Magnetic resonance imaging (MRI): On MRI the contrast between different soft tissues is superior to all other imaging modalities making it an excellent modality to evaluate tumors arising within soft tissue structures. General anesthesia is required and monitoring of patients can be difficult. Nothing is superior for imaging the central nervous system.1 The principles of imaging formation with MRI are not based on the attenuation of an x-ray beam as in CT but are based on the chemical and physical states of the tissue. Clinical applications: MRI is the preferred modality for detection, staging and management of malignancy within the central nervous system--neuroimaging, head and neck tumors and tumors of the extremities. The major limitation of MRI is still the initial cost of the equipment and the annual maintenance cost. Currently the choice between CT and MRI in veterinary medicine is largely based on economics and availability.4

Positron emission tomography (PET): PET is a functional imaging modality that is useful in characterizing physiologic process, such as blood flow or glucose metabolism; visualizing ongoing biochemical and metabolic activities of normal and abnormal tissues. In oncology, the main focus is on detection and staging of malignancy. PET/CT is a fusion of PET and CT images to improve anatomic detail. Lack of available equipment and high cost of PET radiopharmaceutic agents have limited the use of PET in veterinary oncology.4

Contribution and Goals of Diagnostic Imaging Modalities

A localized view of the goal of diagnostic imaging would be that it should provide the best images and the most accurate diagnosis possible. Certainly this should be a prime concern of radiologists. But a more global analysis reveals diagnostic imaging to be part of a larger system whose goal is to treat patients effectively and efficiently. In this larger context, even high-quality diagnostic imaging may be noncontributory in certain instances, and radiology of lesser quality may be of great value in others. Refer to Fryback & Thornbury (1991) hierarchical model of efficacy in diagnostic imaging.

When considering a diagnostic test (in this case, imaging modalities) the clinical impact (contribution or efficacy) can be divided in categories (similar to Fryback & Thornbury model): diagnostic impact, therapeutic impact and prognostic impact. Each imaging modality may contribute in different levels for each category). For instance, a thoracic x-ray for metastasis check has a minor diagnostic impact but an important prognostic impact. On the other hand, hypoechoic splenic nodules seen on USG have important diagnostic impact (indicating the need for FNA) and minor prognostic impact. Diagnostic impact encompasses lesion(s) detection and characterization, affected organs, presumed malignancy, differential diagnosis list, biopsy or FNA recommendation, biopsy site selection and guidance, etc.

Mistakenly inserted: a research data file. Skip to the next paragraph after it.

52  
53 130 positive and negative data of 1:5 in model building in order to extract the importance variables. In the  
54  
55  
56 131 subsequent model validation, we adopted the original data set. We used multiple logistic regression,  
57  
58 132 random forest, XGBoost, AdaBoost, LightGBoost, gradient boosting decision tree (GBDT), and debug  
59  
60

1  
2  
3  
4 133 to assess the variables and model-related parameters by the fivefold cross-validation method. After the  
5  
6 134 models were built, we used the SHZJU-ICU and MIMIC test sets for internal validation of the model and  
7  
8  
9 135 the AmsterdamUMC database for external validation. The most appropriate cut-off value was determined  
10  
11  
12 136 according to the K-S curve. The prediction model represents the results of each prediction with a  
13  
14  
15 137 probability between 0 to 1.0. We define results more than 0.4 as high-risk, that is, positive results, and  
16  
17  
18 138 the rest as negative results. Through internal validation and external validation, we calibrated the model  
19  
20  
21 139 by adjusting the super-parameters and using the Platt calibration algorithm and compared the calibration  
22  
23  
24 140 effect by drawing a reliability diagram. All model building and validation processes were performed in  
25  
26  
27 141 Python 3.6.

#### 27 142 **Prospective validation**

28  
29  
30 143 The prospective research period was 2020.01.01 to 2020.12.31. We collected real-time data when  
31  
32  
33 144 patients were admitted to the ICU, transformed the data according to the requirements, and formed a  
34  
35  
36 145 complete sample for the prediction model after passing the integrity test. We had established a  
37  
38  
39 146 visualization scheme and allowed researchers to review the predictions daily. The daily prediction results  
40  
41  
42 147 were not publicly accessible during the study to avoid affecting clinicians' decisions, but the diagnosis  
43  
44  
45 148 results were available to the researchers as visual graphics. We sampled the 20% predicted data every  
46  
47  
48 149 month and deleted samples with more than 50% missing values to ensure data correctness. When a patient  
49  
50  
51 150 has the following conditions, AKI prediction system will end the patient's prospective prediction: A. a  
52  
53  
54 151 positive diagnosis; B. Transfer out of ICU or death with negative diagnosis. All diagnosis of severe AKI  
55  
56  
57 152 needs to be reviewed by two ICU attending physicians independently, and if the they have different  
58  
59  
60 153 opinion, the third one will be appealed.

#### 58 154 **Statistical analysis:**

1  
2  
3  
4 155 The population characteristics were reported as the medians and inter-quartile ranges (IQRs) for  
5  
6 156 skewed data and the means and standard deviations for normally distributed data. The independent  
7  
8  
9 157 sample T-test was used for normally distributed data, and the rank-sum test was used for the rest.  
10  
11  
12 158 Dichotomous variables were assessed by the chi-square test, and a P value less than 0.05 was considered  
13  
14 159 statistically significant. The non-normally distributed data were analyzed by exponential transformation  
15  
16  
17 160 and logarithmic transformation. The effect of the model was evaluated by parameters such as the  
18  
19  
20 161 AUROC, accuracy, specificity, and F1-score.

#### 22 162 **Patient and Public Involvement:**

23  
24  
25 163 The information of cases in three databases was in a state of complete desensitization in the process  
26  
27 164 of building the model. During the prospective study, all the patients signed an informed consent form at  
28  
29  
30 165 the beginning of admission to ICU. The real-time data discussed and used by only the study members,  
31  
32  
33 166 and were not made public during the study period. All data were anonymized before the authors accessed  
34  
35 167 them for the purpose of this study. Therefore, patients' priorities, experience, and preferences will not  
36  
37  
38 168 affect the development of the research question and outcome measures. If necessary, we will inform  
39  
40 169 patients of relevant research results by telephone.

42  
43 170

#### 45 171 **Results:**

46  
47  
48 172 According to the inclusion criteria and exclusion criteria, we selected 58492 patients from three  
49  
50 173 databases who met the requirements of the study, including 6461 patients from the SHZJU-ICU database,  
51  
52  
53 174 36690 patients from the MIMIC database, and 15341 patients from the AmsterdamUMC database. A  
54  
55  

Therapeutic impact involves the use of imaging findings to guide therapy: clinical or surgical approach, less or more aggressive (staging) chemotherapy, immediate surgery (HSA rupture, for example), surgical resection planning, thoracocentesis for pleural effusion, etc. Prognostic impact involves the evaluation of neoplastic extension and severity: thoracic and abdominal effusions, carcinomatosis, regional or distant lymphadenopathy, mass ruptures, pulmonary metastasis, bone metastasis, obstructive hydronephrosis, etc.

For cancer patients, when choosing an imaging modality for a particular patient and clinical situation we should have in mind what specific question is to be answered by that exam. There is no "good for all" exam. Also, the goal is not to obtain the best, high-quality, top resolution image. The goal is to help the patient. It is a common mistake to believe that the newest technology will provide all the needed information and the best approach for the patient. There is no such machine. I recommend the use of the oldest diagnostic tools: our brain, knowledge and judgment to choose the most accurate, available and affordable imaging exam(s) for each of our patients.


1.  Biller DS. 2008 Proceedings BSAVA 2008.

2.  O´Brien RT. 2006 Proceedings WSAVA 2006.

3.  Thrall DE. 2004 Proceedings WSAVA 2004.

4.  LeBlanc AK, Daniel GB. Vet Clin N America 2007:37,1059

5.  Fryback DG, Thornbury JR. Med Desic Making 11:88-94, 1991.


Speaker Information
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Janis Regina Messias Gonzalez, DVM, MSc, PhD
Universidade Estadual de Londrina
Londrina, Paraná, Brazil